For some, it’s cooking blasphemy. “Do it right or don’t do it at all!” ” They shout. If one thing is worth doing, it’s worth doing it right!
Okay, okay, but that kind of control could prevent a lot of people from learning valuable skills – and eating really good food.
My kitchen is full of cheaters.
Part of the reason is that I grew up with a grandmother who grew her own tomatoes and apples, but did Minnesota wonders with cream of mushroom soup and a pudding mix. I don’t look at a can of fried onions with disgust, but with nostalgia.
But I am also a recipe protester. I played by the rules a lot of cooking games – including the Pillsbury Bake-Off – which required me to use things that I don’t normally grasp. I’m not a big fan of ready-made frosting, but tell me I could make $ 1 million if I find a new way to use it and go for this challenge.
A walk through my pantry will yield a mix of brownies (which can turn out to be the best cupcakes you’ve ever had) and instant mashed potatoes (a great way to get light gnocchi).
My mom roasts her own pumpkins. I rely on preserves because they are consistent and never watery, which is important in baking.
I don’t stop my shortcuts there, however. I bring them even to the simplest and most basic recipes. Like bread.
Next best thing
I started the pandemic like so many others. I was experimenting with flour and yeast, trying to find a good sourdough, eating my feelings smeared with butter and a little bit of jam.
It didn’t take long for me to realize that I don’t have the temperament or the advanced planning to maintain good sourdough.
That led me to the next best thing – the famous no-knead bread that burned the New York Times in 2006, then made its way through blogging and YouTube, returning to The Times during the lockdown.
There’s a reason it’s such a favorite.
It only contains four ingredients. To be fair, that doesn’t require a $ 200 bread maker or a fancy fermentation box or even any skill. You mix it up. You put it in a corner. You forget it until tomorrow.
Then you bake it and get the kind of deeply crispy, dense, artisanal masterpiece that you would pay a lot of money for in a fancy bakery – but your total investment is around 20 cents.
I cannot stress enough that I am not exaggerating this number. Actually, I am a little, but I round to the higher number, not to the lower number, because flour costs just 6 cents.
Adjustments and time saving
And yet I’m not happy with that, because reducing a multi-day sourdough process to a quick lite version for 12-24 hours always forces me to remind myself later in the day that I have to bake the bread first. that my day does not move away from me. Full Disclosure: My day still escapes me.
But bread can give the same delicious, crunchy, mushy results with a simple adjustment and a little addition. A little more yeast and a little sugar to feed it can reduce an entire day to a few hours.
The other big time saver with this recipe? Cleaning time.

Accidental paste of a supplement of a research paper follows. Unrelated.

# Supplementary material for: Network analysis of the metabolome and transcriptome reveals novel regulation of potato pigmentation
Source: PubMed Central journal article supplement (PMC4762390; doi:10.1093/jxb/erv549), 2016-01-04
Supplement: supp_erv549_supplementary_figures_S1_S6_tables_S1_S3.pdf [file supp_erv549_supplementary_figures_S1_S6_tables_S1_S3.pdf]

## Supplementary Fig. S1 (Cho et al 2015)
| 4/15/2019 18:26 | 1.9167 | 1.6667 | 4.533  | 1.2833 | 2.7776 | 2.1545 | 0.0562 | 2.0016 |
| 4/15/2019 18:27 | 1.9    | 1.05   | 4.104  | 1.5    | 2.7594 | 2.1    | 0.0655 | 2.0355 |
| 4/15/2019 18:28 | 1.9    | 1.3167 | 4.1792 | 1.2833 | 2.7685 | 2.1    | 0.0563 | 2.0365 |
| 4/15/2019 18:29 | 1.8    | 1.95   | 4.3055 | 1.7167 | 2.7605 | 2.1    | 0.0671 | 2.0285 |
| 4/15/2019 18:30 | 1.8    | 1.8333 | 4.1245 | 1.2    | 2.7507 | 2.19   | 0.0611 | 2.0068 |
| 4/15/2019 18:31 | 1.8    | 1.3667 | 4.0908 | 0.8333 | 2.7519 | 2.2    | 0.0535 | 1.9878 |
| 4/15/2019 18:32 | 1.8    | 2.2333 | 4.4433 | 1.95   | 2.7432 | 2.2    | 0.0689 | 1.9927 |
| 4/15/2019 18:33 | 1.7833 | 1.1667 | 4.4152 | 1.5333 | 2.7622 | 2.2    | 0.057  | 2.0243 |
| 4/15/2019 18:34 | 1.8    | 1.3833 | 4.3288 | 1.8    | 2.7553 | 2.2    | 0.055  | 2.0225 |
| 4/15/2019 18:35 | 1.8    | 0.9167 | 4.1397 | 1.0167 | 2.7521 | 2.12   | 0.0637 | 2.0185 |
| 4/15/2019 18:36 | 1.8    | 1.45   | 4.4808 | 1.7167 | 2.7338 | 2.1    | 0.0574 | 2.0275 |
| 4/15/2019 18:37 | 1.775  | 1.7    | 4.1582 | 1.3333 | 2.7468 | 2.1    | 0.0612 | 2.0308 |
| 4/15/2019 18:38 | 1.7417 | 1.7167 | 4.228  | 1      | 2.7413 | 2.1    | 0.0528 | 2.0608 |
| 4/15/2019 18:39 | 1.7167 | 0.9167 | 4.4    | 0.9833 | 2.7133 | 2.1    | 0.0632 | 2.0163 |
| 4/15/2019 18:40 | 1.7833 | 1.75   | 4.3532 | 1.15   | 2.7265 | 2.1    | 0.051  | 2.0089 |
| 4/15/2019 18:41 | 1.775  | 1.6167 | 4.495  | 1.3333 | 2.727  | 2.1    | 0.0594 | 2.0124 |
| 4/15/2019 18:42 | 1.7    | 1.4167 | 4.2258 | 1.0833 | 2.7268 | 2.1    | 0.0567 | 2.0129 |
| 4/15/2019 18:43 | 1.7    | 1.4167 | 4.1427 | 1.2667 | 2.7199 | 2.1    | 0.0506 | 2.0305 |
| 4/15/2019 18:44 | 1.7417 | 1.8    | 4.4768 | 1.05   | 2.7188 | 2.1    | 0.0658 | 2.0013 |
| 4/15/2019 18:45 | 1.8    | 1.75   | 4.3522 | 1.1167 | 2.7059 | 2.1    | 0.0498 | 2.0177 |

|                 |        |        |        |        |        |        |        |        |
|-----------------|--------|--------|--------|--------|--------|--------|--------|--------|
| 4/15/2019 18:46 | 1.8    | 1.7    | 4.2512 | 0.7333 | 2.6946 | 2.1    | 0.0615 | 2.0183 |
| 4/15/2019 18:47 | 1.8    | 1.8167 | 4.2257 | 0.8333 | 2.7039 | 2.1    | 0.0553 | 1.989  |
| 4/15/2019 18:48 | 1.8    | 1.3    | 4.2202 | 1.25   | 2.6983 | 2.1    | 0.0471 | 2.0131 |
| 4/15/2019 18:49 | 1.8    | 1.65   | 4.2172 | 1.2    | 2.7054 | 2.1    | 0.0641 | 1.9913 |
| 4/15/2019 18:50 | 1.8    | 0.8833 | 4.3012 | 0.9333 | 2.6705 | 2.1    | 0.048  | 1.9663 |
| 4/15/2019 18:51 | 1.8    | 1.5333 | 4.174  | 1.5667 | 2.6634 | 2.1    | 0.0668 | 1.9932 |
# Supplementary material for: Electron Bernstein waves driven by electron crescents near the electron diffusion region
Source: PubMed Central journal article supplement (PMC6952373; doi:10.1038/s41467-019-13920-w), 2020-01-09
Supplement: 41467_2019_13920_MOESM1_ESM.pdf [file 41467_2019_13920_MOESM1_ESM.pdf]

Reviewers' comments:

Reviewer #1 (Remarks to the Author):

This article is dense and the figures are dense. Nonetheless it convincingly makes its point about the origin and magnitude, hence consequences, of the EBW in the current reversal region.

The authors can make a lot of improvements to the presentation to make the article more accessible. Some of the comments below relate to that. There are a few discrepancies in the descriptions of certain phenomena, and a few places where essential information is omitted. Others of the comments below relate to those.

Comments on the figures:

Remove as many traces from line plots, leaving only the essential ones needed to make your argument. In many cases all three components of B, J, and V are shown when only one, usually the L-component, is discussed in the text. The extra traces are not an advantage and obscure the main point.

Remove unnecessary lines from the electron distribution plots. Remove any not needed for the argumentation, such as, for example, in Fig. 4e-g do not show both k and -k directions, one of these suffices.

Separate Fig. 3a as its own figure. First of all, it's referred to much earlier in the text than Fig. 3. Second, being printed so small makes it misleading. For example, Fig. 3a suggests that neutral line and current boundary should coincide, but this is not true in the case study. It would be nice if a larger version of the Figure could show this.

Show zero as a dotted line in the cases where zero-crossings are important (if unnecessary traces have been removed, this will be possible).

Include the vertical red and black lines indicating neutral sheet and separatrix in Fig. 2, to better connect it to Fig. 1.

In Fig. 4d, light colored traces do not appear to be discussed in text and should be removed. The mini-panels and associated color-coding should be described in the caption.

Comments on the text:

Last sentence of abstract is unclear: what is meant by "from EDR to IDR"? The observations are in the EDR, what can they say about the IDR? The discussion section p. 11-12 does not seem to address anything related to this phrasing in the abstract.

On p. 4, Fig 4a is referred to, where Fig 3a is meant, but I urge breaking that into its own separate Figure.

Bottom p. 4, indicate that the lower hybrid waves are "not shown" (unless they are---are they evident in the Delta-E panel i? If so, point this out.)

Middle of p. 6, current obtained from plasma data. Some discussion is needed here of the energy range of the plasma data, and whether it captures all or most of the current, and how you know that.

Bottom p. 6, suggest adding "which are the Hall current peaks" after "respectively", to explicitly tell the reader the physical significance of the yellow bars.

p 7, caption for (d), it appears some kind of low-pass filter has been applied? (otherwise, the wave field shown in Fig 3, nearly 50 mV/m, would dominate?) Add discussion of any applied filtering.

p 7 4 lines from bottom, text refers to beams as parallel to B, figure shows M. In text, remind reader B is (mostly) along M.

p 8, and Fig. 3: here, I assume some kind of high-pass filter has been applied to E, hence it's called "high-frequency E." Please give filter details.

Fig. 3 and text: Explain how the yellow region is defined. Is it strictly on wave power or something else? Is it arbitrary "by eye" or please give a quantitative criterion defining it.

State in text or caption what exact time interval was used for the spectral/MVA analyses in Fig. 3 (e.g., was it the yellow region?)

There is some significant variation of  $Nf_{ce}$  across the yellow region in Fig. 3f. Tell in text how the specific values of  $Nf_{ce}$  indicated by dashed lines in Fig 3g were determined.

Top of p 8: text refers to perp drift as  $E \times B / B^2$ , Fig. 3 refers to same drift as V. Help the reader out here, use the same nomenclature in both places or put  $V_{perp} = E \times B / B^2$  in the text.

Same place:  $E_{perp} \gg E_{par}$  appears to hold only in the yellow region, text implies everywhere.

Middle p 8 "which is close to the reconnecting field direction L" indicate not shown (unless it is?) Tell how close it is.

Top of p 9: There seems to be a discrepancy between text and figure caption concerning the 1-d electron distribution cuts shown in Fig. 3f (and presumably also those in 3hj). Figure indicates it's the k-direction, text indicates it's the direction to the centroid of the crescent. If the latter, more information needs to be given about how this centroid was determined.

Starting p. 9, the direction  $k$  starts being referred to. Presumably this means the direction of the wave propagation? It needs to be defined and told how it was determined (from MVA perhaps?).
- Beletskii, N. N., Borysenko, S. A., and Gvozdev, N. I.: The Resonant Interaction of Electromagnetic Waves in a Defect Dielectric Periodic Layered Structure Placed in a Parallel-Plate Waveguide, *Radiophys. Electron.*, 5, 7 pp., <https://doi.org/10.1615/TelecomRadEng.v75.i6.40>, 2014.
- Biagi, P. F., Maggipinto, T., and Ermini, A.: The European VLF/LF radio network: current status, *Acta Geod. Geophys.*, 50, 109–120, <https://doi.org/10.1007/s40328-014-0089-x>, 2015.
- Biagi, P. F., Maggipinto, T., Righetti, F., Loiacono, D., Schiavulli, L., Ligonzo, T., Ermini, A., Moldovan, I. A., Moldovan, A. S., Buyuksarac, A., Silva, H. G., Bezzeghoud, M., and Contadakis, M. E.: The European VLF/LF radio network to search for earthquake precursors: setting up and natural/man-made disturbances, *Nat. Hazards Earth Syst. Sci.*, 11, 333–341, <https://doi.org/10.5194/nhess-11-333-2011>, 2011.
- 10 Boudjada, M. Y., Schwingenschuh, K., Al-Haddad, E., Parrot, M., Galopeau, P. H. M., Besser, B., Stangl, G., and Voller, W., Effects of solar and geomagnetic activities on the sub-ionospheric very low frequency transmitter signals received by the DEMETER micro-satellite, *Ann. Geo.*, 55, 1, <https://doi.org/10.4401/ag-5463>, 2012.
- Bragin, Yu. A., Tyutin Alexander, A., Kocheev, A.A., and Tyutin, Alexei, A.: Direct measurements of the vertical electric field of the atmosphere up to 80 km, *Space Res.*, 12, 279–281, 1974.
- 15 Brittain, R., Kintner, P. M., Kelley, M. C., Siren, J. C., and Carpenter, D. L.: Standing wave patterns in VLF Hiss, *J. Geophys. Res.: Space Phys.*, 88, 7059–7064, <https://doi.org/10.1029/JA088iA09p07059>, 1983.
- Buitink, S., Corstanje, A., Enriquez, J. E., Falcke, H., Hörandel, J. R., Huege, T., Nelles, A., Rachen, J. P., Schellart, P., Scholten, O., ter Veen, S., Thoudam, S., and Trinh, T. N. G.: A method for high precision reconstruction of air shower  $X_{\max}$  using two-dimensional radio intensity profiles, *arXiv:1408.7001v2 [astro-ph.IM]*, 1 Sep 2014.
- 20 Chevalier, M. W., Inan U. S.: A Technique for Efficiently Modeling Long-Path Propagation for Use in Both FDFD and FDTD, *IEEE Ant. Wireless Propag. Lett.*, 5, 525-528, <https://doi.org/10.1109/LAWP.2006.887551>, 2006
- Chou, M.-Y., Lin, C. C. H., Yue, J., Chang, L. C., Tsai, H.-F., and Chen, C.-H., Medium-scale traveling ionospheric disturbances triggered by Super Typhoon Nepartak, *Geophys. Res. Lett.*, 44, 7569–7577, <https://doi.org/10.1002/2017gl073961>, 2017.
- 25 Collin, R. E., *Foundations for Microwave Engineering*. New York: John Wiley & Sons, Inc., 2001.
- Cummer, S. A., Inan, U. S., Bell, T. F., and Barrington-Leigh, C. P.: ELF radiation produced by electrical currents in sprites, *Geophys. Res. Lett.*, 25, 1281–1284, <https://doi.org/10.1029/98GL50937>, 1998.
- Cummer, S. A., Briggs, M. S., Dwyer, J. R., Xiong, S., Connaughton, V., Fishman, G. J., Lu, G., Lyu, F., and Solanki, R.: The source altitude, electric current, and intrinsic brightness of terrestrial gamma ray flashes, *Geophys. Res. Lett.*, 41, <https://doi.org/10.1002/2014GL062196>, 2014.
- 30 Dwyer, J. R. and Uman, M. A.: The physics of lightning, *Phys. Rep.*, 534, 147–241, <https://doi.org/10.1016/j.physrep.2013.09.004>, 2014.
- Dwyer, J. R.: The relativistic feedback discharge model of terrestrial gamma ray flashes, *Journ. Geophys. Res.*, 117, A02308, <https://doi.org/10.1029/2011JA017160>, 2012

Some bread recipes are a series of bowls and appliances, mats and tools. This is a bowl, and you can toss it with a fork if you want. Better yet, the best way to cook it is in a hot Dutch oven lined with crumpled parchment paper, which means there are no pans to clean!
The recipe itself is a shortcut to all the flavors of a bakery. Once you’ve stirred it, you can add almost anything. Jalapenos and Colby. Parmesan and basil. Caramelized and Swiss onions. Pepperoni and mozzarella. Cinnamon and raisins.
If there is a flavor combination you like, mix it up and cook it.
The perfect shortcut isn’t a processed salt bomb or time-saver for corn syrup – although if that’s what works for you, don’t let anyone make you feel bad about replacing Velveeta. by strong cheddar.
What’s important is finding a straight line between what you want and what you want to save – whether it’s time, money, or simplicity – that makes you happy.
These kinds of shortcuts are the best thing since sliced ââbread.
Shortened no-knead bread
3 cups of flour
1 teaspoon of salt
2 tablespoons of sugar
1 teaspoon instant yeast
1 Â½ cup lukewarm water
In a 3 quart bowl, combine all the dry ingredients. Make a well in the flour and fill it with lukewarm water. Mix with a fork until well combined. Cover and let rise in a warm place for about an hour.
Preheat the oven to 400 degrees with a Dutch oven, casserole dish or other baking dish, preferably covered. Cut out the dough and, on a piece of parchment paper – crumple it first and it’s a breeze to use – or aluminum foil sprinkled with flour, form a loaf and let sit while the oven. reaches temperature. Place parchment and dough in Dutch oven or other dish and cover.
Bake for 30 minutes. Remove the lid and cook for another 15 minutes.
Remove the bread and let it cool before slicing – and be careful! It has a thick crust. A sturdy serrated knife will work best.
Lori Falce is a community engagement Tribune-Review writer. You can contact Lori at [email protected]